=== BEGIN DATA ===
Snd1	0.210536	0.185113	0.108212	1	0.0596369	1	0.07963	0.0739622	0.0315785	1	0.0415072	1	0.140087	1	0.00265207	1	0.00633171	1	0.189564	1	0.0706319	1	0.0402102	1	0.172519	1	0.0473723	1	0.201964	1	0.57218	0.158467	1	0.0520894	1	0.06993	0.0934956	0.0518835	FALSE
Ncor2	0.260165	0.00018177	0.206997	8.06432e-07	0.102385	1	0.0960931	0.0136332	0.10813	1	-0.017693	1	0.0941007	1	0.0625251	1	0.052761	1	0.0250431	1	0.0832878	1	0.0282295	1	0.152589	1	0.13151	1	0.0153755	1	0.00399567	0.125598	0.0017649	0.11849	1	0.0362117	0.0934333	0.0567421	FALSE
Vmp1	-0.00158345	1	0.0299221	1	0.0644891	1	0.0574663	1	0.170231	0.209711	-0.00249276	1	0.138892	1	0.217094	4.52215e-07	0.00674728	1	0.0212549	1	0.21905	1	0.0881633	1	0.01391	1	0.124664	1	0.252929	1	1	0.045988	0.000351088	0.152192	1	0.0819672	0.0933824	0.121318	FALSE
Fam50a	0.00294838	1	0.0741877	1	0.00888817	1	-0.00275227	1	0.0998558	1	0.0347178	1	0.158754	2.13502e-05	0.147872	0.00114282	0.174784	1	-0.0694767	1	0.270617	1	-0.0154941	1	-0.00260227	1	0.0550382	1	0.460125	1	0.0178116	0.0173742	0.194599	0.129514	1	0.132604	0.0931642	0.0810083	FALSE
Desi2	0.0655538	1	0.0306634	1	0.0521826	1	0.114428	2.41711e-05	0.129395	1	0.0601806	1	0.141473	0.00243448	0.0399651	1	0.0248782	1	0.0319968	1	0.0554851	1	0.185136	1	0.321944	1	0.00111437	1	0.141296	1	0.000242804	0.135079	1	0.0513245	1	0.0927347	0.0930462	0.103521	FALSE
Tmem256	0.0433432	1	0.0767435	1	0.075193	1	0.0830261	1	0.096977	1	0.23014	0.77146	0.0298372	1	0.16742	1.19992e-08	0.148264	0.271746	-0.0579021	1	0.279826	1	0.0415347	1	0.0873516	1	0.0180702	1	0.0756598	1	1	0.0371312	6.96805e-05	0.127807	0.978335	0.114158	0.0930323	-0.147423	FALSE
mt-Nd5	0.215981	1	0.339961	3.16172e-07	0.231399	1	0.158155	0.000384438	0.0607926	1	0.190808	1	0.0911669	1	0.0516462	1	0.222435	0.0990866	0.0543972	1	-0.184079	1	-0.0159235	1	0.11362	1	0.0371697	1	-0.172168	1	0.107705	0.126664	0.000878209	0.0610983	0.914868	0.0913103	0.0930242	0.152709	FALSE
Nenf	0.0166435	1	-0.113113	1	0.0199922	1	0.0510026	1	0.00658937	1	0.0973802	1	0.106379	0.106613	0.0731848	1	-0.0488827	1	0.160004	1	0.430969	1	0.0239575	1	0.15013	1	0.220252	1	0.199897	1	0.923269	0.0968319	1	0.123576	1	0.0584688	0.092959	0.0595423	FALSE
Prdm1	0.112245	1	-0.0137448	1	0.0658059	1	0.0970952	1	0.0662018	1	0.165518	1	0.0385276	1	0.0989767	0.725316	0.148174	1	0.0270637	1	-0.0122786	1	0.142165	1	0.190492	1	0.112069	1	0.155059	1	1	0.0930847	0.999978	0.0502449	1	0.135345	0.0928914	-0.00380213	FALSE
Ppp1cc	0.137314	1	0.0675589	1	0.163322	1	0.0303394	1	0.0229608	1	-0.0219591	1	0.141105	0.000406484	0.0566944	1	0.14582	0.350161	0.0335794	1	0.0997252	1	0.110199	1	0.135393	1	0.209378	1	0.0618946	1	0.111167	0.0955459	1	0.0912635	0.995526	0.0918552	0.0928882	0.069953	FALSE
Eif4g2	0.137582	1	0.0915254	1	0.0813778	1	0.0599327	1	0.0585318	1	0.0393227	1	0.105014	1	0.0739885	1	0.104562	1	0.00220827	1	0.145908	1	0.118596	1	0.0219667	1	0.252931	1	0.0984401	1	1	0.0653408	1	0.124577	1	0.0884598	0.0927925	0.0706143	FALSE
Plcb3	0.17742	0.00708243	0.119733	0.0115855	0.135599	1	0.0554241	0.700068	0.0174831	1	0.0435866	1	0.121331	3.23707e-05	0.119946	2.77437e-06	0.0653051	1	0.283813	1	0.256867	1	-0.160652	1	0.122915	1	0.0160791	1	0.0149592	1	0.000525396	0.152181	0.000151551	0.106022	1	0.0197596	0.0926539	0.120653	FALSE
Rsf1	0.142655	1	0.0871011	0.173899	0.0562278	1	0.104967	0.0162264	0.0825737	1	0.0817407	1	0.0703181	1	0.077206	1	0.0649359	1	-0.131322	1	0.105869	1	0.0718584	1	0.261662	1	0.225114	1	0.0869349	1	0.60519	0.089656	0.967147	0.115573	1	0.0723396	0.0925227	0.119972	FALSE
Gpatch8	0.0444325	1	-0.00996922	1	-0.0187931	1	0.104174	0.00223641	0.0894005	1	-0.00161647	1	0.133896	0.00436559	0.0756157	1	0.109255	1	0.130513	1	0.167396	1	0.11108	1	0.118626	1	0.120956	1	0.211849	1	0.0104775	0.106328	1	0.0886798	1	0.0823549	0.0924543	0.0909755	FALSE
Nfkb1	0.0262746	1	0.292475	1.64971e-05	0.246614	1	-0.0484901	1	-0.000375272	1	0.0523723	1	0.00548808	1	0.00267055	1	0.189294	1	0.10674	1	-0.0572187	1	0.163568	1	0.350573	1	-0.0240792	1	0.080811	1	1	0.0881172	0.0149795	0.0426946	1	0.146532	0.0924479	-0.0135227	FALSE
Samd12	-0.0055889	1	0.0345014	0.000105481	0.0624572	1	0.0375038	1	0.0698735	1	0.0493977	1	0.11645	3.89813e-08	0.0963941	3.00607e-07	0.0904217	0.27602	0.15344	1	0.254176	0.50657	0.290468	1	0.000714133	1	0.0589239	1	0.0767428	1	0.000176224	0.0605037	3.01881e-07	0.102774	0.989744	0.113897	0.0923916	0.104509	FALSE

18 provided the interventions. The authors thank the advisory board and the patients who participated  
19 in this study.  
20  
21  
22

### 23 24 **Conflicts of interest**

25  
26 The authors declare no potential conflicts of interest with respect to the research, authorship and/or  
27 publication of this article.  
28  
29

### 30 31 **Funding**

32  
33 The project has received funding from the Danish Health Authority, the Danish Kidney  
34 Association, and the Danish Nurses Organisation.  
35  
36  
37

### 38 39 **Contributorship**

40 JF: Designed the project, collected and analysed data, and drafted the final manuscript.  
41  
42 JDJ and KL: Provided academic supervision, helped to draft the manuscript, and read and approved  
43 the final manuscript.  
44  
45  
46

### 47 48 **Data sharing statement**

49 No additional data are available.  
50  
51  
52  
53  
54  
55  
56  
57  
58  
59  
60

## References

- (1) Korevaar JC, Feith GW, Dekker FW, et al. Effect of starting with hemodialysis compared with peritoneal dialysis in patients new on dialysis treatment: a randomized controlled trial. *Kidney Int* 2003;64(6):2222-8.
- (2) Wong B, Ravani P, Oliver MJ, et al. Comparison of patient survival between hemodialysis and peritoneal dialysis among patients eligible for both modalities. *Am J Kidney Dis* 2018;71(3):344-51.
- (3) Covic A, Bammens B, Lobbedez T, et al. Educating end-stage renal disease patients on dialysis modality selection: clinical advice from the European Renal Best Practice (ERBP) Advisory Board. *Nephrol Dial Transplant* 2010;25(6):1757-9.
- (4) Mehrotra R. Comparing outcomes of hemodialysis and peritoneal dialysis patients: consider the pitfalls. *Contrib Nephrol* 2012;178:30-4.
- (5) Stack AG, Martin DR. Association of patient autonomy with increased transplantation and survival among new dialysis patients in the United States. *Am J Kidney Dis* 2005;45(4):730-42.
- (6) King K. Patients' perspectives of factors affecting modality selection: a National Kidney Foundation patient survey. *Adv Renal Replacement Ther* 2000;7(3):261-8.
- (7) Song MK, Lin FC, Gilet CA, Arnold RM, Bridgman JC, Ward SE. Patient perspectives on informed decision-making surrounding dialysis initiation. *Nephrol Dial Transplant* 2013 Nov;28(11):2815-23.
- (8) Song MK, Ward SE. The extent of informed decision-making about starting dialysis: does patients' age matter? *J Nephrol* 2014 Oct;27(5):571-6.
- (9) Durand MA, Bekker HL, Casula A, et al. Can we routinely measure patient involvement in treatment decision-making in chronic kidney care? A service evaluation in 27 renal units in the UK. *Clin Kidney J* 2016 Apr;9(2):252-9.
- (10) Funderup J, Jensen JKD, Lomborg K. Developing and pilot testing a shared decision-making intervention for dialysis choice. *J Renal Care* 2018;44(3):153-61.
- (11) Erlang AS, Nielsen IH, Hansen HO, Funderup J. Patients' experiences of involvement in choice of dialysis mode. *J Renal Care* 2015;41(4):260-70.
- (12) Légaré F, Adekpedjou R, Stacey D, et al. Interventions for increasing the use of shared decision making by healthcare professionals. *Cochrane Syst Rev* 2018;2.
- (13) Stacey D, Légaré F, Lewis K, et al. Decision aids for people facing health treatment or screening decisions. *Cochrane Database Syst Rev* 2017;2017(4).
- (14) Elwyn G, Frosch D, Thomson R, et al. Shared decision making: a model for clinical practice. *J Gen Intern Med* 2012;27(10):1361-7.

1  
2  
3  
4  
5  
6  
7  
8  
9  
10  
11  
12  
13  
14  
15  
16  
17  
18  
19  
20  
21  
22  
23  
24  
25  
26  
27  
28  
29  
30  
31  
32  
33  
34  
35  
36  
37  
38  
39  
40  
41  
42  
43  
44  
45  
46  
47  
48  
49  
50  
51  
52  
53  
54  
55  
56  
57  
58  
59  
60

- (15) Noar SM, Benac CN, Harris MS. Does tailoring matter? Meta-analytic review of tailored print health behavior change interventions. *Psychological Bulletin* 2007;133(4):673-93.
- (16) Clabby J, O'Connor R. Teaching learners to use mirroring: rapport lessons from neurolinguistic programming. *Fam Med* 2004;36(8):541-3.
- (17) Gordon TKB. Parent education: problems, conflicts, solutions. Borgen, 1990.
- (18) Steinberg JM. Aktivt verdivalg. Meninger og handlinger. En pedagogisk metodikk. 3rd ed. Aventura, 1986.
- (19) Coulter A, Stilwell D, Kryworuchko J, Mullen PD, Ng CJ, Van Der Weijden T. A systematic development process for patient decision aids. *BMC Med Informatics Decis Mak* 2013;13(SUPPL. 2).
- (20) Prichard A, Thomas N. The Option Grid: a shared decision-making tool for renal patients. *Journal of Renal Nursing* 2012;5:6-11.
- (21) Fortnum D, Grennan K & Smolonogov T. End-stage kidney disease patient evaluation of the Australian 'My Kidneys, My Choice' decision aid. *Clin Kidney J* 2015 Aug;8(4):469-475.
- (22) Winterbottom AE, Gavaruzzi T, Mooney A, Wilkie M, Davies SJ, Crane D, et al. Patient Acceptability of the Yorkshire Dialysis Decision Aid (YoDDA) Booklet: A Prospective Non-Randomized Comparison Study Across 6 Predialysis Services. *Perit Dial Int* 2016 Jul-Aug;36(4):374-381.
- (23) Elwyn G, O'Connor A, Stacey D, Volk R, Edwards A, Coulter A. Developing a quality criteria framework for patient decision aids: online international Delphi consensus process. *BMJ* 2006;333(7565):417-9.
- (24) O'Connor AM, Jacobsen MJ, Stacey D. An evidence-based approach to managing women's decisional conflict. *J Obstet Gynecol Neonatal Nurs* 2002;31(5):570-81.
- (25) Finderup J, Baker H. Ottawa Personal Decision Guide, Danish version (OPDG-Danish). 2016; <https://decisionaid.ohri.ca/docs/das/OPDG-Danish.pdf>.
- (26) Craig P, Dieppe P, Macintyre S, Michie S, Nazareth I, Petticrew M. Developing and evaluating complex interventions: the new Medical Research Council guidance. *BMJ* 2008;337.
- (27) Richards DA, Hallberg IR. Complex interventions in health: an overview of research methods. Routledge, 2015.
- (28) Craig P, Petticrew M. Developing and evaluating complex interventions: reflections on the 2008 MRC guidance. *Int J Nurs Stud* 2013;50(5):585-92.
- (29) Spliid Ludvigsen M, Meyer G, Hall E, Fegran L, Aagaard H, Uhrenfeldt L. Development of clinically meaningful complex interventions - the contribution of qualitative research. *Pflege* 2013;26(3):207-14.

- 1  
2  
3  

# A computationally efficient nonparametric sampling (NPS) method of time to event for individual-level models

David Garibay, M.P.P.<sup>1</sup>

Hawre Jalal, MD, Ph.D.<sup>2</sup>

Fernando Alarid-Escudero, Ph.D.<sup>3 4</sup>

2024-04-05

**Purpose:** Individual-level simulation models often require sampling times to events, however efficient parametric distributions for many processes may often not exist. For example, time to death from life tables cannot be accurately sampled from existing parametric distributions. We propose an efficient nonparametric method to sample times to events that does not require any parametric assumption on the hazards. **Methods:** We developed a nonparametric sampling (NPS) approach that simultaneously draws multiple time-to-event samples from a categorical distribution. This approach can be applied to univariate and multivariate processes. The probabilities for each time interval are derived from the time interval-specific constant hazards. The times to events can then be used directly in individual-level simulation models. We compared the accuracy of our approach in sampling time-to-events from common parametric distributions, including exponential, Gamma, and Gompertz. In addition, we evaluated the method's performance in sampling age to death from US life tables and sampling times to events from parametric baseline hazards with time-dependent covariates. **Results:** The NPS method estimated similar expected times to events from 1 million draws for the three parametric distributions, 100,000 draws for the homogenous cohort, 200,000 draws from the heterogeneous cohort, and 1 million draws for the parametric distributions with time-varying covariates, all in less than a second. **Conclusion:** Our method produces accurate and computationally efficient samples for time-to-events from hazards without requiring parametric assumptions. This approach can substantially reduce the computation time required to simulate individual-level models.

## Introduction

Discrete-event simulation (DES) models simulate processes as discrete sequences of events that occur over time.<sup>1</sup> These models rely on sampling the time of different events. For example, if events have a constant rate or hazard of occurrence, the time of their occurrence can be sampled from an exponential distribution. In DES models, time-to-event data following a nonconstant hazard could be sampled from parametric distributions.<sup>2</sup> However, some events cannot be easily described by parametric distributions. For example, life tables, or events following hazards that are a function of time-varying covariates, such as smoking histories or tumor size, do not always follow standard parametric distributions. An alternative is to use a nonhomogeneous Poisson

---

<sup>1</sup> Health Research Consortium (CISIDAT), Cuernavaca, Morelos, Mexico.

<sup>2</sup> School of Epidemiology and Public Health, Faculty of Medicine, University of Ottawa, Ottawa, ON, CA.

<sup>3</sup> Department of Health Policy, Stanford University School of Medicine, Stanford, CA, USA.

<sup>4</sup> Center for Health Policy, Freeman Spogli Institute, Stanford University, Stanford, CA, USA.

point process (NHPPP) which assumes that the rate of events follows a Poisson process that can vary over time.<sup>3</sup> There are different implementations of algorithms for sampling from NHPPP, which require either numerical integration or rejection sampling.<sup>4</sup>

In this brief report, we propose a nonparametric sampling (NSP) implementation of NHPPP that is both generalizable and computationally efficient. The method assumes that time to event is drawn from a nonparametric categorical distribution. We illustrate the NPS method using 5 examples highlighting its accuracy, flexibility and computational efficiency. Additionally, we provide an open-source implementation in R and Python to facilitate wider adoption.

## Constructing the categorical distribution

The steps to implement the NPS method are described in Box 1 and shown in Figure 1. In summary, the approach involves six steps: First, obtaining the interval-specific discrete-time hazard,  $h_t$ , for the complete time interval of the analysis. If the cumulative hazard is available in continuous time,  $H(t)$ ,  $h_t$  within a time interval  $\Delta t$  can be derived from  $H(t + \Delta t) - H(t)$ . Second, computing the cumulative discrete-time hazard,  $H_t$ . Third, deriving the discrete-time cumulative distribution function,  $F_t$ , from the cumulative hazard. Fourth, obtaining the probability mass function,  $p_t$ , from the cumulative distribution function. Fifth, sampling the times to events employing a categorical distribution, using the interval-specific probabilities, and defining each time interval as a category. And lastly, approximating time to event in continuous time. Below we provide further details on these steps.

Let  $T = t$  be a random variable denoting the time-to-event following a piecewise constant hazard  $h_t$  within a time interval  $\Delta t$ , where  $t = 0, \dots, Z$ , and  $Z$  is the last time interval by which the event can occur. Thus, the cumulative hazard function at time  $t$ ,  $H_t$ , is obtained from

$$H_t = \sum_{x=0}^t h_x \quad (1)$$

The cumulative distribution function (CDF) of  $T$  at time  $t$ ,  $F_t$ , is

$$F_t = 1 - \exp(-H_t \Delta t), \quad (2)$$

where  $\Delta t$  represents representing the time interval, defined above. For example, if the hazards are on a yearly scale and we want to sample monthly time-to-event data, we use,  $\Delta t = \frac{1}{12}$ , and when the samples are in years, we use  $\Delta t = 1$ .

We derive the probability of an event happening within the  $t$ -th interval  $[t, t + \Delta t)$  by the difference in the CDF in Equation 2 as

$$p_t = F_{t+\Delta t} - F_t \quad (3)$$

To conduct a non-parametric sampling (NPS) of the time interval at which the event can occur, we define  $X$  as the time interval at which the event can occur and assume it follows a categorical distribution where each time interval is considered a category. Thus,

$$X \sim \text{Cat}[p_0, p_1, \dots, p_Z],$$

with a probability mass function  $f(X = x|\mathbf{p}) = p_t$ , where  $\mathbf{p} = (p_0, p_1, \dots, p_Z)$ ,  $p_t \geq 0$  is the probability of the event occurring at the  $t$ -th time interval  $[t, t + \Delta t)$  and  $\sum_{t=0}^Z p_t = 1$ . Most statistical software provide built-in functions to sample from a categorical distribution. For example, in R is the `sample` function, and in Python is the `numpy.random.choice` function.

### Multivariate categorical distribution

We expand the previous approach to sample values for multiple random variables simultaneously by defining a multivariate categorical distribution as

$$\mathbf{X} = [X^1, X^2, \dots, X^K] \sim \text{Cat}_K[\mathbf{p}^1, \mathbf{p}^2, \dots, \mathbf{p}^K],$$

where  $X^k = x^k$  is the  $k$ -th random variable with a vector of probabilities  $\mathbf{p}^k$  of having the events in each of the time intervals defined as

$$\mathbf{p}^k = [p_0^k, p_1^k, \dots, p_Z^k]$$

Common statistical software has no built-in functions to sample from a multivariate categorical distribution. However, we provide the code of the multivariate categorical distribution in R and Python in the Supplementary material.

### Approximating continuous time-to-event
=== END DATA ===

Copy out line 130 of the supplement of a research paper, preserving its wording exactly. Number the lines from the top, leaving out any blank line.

60